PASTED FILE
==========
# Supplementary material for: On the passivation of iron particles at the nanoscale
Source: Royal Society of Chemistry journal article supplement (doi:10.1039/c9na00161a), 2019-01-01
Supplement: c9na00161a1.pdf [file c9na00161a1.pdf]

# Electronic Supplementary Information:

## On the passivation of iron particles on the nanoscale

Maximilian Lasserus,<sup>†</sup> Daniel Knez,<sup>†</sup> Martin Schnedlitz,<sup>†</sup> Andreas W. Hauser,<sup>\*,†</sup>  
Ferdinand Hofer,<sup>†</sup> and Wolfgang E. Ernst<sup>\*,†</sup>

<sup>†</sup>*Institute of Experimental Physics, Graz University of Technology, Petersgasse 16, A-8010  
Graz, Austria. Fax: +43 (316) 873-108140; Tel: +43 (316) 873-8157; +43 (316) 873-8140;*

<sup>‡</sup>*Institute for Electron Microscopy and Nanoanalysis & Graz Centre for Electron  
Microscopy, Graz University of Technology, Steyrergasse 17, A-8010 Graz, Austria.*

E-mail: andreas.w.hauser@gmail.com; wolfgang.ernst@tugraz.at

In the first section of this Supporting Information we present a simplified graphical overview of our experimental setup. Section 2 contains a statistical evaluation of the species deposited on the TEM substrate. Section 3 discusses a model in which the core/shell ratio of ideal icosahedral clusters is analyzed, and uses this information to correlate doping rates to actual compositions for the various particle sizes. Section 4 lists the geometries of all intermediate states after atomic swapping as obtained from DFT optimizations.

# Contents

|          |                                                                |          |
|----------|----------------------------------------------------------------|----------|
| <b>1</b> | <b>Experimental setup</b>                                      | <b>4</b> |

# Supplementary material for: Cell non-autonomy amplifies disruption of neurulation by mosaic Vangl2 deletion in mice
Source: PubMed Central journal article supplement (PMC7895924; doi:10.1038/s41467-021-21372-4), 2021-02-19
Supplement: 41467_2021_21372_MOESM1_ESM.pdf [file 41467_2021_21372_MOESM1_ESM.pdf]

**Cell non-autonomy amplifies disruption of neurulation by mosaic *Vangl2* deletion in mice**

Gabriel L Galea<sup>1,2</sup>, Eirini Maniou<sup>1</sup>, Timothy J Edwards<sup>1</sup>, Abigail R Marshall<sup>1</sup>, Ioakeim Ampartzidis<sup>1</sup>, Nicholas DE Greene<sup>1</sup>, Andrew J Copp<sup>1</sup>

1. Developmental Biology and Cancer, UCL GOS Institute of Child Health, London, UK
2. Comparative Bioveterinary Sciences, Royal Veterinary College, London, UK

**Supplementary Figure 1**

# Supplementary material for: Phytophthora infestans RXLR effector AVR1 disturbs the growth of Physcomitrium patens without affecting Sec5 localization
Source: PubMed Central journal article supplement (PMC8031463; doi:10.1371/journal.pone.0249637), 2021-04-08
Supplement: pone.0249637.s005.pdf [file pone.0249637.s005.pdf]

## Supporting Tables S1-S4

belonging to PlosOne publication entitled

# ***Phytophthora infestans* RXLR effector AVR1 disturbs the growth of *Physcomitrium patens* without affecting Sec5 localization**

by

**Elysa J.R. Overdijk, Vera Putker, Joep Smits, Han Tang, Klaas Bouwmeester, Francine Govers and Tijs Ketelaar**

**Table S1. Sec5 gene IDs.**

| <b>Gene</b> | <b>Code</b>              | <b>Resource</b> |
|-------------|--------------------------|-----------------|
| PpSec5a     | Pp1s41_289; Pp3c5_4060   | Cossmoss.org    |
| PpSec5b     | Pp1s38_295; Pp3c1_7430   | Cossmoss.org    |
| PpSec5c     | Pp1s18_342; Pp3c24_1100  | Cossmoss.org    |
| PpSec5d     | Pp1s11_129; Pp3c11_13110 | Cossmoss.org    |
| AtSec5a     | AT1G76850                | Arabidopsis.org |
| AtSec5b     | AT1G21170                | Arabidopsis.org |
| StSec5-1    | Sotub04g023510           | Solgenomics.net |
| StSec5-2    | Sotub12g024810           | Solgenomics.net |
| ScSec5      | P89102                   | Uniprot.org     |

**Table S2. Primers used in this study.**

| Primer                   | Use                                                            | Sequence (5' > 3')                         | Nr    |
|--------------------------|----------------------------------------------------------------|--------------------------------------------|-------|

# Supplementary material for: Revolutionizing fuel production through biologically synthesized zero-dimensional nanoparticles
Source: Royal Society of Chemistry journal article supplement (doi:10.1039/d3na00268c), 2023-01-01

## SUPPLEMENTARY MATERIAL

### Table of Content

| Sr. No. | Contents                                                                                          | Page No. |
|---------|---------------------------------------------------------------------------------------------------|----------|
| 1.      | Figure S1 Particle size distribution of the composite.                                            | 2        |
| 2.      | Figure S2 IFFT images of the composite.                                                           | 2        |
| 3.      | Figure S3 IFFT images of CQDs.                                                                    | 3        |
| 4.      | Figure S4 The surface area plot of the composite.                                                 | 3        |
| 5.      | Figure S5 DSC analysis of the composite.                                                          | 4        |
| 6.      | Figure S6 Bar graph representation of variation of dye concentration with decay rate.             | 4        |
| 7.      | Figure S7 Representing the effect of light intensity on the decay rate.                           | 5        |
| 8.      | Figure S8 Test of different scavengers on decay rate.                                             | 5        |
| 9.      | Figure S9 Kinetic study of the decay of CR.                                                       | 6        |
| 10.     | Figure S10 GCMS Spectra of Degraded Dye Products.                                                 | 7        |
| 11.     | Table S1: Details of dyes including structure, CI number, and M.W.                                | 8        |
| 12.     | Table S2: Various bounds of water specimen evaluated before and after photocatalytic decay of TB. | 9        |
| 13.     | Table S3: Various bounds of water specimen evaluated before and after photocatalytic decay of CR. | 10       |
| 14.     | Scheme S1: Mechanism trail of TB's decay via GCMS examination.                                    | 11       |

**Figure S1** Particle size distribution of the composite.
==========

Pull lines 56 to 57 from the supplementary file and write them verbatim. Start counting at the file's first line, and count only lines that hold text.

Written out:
| 2.      | Figure S2 IFFT images of the composite.                                                           | 2        |
| 3.      | Figure S3 IFFT images of CQDs.                                                                    | 3        |